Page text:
Menzies and Felixstowe: beset with problems, but with different responses
This week has been a tale of two companies, both under the cosh, facing severe ...
Changes for cargo handler Menzies Aviation have inadvertently put the spotlight on the willingness of airlines to change suppliers, adding to inefficiencies in the supply chain.
The handler, which saw its Schiphol business come under threat temporarily in 2017, when slots at the airport were lost, has announced renewed contracts with both FedEx and Kalitta Air at the Dutch airport.
It has also opened two new cargo facilities at North Queensland’s Cairns Airport and Melbourne Avalon Airport in Victoria, the former part of a joint venture between Menzies Aviation Cairns and local provider AT Group.
The new facility will be ready for international cargo handling in the first quarter, with Virgin Australia the inaugural customer, with eight flights a day and four freighters each week.
Menzies is also Avalon Airport cargo terminal’s sole operator. It will service Air Asia X’s twice-daily flights between Kuala Lumpur and Melbourne Avalon. Air Asia X is the inaugural international airline to transport cargo at Avalon Airport.
“Leveraging relationships with key airline partners to build scale across our network is central to our cargo strategy, and we are delighted that Virgin Australia and Air Asia X have chosen us as their trusted cargo partner in such a crucial location for the airlines,” said CEO Forsyth Black.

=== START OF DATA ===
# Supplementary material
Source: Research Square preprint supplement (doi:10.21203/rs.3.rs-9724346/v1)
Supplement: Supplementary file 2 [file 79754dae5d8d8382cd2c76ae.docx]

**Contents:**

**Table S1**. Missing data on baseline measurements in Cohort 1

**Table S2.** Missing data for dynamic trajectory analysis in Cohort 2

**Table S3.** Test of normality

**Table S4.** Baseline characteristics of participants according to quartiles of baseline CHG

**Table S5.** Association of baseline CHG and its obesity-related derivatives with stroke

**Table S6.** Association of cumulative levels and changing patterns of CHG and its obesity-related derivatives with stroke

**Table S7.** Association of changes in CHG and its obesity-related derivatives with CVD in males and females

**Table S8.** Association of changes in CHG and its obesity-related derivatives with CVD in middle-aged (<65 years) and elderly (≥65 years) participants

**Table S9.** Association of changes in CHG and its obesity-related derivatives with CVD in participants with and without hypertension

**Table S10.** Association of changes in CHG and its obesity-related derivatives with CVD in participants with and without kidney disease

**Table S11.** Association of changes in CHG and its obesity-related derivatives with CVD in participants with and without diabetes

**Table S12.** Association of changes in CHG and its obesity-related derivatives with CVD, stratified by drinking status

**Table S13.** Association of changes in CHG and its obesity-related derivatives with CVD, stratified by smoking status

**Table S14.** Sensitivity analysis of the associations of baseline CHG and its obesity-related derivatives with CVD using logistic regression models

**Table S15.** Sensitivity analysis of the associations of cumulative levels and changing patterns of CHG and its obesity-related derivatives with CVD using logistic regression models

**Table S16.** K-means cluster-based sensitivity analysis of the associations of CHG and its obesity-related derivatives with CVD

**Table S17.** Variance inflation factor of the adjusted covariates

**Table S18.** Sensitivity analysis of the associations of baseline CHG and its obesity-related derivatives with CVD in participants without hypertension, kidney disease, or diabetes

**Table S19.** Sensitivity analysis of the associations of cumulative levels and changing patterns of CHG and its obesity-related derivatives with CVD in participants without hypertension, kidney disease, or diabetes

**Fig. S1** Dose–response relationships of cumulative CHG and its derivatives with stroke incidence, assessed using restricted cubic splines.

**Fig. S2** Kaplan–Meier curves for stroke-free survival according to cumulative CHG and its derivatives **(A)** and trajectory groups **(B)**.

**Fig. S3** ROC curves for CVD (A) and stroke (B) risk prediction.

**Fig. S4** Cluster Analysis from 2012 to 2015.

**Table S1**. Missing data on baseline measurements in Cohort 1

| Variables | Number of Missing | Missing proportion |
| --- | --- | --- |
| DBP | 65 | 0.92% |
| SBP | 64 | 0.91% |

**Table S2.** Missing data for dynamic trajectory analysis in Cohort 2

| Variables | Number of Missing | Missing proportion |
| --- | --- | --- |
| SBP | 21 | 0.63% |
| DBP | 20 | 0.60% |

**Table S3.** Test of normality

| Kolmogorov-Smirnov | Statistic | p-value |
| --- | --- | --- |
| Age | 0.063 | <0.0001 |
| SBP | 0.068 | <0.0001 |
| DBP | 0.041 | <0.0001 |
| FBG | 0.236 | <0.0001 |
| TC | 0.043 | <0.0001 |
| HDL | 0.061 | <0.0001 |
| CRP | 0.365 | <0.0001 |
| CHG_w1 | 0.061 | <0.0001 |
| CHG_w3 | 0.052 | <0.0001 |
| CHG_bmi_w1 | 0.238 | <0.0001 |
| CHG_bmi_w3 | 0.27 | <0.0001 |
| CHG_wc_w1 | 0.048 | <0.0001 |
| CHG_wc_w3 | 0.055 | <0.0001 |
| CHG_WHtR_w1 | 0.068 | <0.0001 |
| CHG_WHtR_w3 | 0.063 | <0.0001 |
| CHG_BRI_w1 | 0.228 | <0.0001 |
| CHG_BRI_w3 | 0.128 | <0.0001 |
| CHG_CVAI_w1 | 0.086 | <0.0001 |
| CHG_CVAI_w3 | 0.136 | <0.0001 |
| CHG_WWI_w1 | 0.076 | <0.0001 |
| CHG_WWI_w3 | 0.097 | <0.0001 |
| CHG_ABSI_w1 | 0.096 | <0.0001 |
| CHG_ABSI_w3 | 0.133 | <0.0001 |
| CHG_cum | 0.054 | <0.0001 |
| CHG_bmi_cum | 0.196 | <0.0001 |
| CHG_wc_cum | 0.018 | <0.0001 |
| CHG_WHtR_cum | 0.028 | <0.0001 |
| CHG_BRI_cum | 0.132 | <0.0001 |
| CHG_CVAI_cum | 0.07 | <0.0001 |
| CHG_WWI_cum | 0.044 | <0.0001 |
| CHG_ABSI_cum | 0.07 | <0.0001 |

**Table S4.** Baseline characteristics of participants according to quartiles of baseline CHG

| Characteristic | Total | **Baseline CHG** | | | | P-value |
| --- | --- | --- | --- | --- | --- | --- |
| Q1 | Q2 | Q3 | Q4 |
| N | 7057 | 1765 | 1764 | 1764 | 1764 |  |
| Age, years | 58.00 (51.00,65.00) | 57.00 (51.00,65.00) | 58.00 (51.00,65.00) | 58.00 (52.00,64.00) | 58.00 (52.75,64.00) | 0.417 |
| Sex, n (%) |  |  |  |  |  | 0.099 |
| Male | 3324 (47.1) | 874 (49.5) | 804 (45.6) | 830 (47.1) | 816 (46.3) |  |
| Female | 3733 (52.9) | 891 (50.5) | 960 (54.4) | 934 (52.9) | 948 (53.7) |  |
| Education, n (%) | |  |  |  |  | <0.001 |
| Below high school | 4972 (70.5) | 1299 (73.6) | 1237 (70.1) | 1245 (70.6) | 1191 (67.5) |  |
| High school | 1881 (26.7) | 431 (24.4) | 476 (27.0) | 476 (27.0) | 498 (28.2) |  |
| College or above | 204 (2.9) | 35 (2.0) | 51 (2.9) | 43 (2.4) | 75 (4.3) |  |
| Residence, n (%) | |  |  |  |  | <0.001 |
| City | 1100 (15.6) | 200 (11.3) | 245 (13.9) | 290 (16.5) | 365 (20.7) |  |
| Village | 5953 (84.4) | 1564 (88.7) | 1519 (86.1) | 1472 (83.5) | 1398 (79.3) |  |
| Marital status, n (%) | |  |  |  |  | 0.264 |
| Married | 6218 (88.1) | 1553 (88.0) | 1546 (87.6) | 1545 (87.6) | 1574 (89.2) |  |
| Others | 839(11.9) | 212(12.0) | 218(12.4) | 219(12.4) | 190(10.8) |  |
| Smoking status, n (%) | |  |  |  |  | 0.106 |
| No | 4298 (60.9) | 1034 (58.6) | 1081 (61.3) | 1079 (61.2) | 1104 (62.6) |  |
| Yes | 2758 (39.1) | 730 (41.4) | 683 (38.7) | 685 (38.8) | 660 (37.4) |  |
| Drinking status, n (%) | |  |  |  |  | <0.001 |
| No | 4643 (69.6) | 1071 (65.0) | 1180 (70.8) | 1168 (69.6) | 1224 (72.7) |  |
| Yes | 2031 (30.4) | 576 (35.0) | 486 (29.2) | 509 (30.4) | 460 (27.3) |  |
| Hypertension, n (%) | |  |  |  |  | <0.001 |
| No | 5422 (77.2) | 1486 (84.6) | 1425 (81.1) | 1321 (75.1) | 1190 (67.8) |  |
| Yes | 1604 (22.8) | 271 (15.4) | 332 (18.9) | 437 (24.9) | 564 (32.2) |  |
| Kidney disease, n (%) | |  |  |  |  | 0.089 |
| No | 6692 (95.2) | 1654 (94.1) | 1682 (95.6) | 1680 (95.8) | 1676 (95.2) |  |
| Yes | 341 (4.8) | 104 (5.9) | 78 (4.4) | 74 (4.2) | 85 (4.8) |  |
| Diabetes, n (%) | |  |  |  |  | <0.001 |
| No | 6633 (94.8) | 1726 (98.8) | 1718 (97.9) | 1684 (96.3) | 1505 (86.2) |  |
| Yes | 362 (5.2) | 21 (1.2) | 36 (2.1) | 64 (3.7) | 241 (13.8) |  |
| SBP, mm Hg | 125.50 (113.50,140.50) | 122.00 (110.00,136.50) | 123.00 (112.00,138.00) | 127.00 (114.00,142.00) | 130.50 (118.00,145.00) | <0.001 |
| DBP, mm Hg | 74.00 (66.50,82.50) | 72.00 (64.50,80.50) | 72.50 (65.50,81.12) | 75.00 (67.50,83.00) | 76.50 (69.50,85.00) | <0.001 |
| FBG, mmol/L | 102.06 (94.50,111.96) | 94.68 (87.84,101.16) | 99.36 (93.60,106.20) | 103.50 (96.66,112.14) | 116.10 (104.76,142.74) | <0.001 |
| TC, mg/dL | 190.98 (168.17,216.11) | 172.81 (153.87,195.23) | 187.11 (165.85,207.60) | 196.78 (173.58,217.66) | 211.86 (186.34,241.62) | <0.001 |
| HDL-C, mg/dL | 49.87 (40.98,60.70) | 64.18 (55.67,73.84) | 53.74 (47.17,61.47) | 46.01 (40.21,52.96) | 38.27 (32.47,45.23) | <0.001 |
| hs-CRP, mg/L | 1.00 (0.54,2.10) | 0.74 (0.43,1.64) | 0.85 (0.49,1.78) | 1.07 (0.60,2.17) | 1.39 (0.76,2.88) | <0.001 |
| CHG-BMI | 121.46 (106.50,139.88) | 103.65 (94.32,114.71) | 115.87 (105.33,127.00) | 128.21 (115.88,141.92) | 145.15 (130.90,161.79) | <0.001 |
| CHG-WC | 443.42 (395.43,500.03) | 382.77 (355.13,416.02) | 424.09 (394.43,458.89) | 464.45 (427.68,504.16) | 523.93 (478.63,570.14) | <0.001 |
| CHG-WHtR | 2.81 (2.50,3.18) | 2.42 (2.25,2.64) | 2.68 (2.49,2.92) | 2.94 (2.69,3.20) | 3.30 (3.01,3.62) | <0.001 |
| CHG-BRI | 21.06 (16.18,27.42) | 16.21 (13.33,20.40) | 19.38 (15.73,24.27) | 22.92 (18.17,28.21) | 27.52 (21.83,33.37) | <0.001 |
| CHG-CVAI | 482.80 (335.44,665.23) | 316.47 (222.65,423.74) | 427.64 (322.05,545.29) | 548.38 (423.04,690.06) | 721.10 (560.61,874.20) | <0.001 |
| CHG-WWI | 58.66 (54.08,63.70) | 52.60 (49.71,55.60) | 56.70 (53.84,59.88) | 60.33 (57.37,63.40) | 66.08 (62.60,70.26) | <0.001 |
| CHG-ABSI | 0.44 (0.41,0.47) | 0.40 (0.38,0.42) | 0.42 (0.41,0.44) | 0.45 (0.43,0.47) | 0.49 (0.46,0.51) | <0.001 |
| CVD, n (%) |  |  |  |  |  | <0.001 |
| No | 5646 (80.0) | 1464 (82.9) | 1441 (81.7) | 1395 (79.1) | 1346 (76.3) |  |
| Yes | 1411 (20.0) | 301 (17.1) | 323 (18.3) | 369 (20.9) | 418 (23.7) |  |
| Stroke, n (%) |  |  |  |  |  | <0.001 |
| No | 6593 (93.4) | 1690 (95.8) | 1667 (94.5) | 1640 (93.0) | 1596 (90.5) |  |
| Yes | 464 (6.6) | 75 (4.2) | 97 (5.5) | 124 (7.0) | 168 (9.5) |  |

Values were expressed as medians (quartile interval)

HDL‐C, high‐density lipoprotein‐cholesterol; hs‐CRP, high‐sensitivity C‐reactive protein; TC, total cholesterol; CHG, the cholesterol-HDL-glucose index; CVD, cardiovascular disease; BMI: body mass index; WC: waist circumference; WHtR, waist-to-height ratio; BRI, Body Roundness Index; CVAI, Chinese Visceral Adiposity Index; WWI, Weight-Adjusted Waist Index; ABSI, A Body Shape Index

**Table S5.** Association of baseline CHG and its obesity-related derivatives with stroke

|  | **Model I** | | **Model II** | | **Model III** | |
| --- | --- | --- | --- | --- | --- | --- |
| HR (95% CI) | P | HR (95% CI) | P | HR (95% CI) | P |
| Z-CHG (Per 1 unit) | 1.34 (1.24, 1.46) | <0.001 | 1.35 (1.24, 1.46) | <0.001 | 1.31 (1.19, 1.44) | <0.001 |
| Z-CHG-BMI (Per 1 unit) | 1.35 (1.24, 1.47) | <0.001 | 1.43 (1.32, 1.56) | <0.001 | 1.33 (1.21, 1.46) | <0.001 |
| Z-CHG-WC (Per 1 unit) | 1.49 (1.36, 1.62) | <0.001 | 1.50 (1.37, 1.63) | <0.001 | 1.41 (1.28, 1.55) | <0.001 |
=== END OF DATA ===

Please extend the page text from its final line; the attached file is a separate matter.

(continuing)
But while Menzies is developing in Australia and Europe, last year saw the handler take hits in the US, leading to redundancies.
In June, it was forced to lay off some 120 jobs in Tampa after losing two airline contracts, and a further 19 at the same airport when it lost the Air Canada contract in October. In November, it said it would have to lay off 189 staff at Detroit Metropolitan Airport after its contracts with Delta expired.
One forwarder told The Loadstar last year that frequent changes by airlines to their handlers had led to less efficient operations.
“Airlines are happy to jump ship to another handler. That means handlers are not able to resource stations as they should – and it’s getting worse,” he said.
As a result, forwarders said, handling had become a major factor in choosing an airline.